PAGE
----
I am also concerned with whether this is a case of cybersquatting or of trademark infringement. The Respondent appears to be a legitimate business selling a legitimate products – although possibly in an intentionally infringing manner. As stated by the Panel: “the disputed domain name resolves to a website for the Respondent, where it provides information about itself and its cable products.” The Panel nevertheless states that “the Respondent is not using the disputed domain name in connection with a bona fide offering of goods and services, nor is it making a legitimate noncommercial or fair use of the disputed domain name”. So which is it? A legitimate business allegedly using an infringing mark or a case of cybersquatting? Does the Complainant have trademark rights in China? Does the Respondent? Are the products genuine or counterfeit? These questions remain unanswered despite the Complainant’s second kick at the can. These facts and unanswered questions leave me concerned that trademark infringement claims that are inappropriate for the UDRP will nevertheless be adjudicated through the UDRP by using the resolution of the disputed domain name as a proxy for addressing the underlying infringement claims.
But on the other hand, the Panelist drilled down and identified some facts which to the Panel, appeared to help the Complainant’s case cross from trademark infringement into cybersquatting: “The Panel notes, when accessing the website of the disputed domain name and clicking the icons of social media on the website, the Internet users will be redirected to the Complainant’s website at “doncastercables .com, which shows that the Respondent intentionally attempted to confuse the Internet users regarding the lack of relationship between the Parties.” This kind of conduct, if intentional, would appear to be consistent with cybersquatting, but arguably also with intentional infringement and passing off. Ultimately, this may be a close call. Something bad appears to be going on here, but whether it is best addressed by the UDRP or by a trademark infringement or passing off action, seems to be debateable.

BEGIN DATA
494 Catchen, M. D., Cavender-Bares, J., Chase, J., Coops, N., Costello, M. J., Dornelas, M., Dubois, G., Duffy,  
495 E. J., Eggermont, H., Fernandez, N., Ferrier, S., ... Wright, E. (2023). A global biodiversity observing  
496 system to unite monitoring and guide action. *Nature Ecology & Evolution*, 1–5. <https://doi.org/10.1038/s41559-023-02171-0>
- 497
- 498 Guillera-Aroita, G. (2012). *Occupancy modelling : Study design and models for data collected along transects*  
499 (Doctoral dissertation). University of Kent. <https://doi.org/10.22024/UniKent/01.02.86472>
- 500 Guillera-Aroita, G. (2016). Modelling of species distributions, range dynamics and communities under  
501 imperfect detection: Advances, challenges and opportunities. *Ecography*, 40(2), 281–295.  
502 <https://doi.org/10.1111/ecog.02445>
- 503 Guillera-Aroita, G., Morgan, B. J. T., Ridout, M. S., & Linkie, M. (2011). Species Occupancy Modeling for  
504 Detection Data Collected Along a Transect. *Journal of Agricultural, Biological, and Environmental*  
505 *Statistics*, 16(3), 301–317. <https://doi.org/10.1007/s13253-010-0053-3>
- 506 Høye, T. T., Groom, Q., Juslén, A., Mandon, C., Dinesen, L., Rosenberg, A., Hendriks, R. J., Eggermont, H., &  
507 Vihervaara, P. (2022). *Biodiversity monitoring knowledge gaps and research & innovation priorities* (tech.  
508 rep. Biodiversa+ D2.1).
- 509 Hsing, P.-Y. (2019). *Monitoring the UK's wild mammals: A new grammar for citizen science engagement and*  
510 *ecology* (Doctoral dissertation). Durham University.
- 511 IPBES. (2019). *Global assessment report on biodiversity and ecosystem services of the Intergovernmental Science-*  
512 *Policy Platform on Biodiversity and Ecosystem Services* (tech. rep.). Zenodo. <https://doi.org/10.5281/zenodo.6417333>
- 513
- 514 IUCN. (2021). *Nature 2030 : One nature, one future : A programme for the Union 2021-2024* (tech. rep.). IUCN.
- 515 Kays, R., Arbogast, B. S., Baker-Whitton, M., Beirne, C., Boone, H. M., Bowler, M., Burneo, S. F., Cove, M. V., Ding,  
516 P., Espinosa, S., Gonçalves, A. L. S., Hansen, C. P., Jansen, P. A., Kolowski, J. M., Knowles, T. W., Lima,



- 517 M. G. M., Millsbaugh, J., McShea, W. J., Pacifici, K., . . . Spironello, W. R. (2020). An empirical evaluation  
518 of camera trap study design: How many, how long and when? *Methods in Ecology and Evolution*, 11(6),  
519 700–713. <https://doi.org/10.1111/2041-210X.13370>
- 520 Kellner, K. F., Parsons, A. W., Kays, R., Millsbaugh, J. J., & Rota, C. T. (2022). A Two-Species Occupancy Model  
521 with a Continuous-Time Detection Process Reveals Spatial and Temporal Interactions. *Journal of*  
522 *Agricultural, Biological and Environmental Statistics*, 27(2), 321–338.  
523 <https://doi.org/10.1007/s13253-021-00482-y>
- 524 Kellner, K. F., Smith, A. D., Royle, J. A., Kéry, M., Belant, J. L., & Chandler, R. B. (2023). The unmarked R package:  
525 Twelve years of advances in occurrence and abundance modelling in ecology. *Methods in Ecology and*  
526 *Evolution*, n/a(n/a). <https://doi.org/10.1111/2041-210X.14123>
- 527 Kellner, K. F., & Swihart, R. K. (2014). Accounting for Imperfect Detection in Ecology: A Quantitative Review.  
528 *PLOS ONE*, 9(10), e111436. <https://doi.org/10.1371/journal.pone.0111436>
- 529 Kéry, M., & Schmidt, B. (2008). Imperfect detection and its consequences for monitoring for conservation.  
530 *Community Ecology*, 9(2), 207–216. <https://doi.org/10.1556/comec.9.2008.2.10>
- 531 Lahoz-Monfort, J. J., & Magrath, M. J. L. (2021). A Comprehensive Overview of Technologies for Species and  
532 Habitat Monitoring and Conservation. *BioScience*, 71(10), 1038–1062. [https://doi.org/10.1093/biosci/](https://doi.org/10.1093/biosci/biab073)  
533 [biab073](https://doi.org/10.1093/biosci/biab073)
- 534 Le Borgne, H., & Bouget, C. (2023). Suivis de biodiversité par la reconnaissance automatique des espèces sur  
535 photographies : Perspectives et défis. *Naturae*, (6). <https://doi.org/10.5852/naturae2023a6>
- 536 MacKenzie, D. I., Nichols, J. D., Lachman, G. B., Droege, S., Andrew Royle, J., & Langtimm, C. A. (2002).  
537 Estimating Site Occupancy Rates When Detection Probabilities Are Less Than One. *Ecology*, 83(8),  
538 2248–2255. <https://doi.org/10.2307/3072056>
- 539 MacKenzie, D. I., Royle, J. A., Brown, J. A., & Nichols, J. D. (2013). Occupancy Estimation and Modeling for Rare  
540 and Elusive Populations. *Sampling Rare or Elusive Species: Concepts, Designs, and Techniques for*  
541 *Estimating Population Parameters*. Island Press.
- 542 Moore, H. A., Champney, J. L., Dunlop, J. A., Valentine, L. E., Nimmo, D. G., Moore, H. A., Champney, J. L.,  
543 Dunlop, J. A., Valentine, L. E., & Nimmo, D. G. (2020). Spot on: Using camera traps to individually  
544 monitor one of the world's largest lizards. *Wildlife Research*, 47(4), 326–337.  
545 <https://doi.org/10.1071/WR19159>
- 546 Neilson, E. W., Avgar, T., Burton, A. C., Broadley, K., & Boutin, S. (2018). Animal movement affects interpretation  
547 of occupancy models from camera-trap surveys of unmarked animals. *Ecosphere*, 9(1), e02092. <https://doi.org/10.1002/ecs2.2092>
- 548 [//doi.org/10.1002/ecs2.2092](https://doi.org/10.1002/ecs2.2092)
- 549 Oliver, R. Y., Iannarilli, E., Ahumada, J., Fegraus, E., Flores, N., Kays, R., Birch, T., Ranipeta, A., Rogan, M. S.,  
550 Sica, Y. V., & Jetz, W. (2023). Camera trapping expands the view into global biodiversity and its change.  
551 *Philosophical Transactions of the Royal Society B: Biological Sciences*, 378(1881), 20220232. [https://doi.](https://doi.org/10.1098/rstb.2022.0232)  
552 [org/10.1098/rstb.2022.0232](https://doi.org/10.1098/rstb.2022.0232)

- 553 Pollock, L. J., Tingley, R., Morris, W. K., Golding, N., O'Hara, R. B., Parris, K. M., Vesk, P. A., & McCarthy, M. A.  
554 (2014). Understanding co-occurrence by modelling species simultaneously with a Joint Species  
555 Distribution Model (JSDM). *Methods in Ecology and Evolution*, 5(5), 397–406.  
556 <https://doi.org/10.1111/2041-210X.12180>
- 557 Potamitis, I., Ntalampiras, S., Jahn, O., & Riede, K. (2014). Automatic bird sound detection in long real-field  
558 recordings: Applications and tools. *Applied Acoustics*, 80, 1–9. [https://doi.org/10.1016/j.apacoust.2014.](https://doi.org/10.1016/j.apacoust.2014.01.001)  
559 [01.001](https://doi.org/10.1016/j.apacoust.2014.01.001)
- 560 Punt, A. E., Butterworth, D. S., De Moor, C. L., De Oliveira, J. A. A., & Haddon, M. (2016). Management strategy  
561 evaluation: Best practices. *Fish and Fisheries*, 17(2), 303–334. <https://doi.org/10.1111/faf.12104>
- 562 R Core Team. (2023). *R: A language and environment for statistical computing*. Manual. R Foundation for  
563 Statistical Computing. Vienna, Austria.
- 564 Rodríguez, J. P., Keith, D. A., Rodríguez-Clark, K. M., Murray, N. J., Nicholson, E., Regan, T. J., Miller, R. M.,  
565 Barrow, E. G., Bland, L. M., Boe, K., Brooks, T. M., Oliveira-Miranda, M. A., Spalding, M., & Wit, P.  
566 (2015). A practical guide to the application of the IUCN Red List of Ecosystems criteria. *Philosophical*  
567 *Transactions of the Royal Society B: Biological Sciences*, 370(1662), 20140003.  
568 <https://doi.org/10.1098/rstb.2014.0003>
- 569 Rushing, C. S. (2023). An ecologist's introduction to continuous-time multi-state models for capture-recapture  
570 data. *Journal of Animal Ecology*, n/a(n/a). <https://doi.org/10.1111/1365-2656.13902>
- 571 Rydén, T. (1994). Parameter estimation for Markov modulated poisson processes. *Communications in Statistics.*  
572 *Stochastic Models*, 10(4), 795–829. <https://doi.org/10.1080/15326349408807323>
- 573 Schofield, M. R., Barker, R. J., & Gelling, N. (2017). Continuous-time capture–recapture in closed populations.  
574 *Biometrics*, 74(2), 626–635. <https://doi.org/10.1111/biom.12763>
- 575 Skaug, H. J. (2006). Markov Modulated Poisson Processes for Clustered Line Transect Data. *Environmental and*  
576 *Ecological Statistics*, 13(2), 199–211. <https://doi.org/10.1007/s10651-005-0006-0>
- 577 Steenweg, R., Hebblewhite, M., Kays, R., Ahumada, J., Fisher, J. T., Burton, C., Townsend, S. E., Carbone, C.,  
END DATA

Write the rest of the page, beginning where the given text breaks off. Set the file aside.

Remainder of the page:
Refiled Case Requires New Evidence Which Was Previously Unavailable
Panelist: Mr. Debrett G. Lyons
Brief Facts: The Complainant describes this as a refiled case, a decision having been made in November 2023 in Art4Now, Inc. v. Gerald Waggoner / The Waggoner Law Firm, FA 2065343 (Forum Nov. 24, 2023). The WIPO Overview, considered at paragraph 4.18 the question “Under what circumstances would a refiled case be accepted?” in answer to which it is stated: “A refiled case is one in which a newly-filed UDRP case concerns identical domain name(s) and parties to a previously-decided UDRP case in which the prior panel denied the complaint on the merits.” The Complainant states “There are several materially relevant developments that warrant a closer look by the Panel … the gravamen of the reasons warranting this refiling is the overwhelming and extraordinary new material evidence concerning Respondent’s bad faith and lack of legitimate interest in the Disputed Domain, which would not have become available to Complainant during normal due diligence in preparation for the original UDRP proceeding.”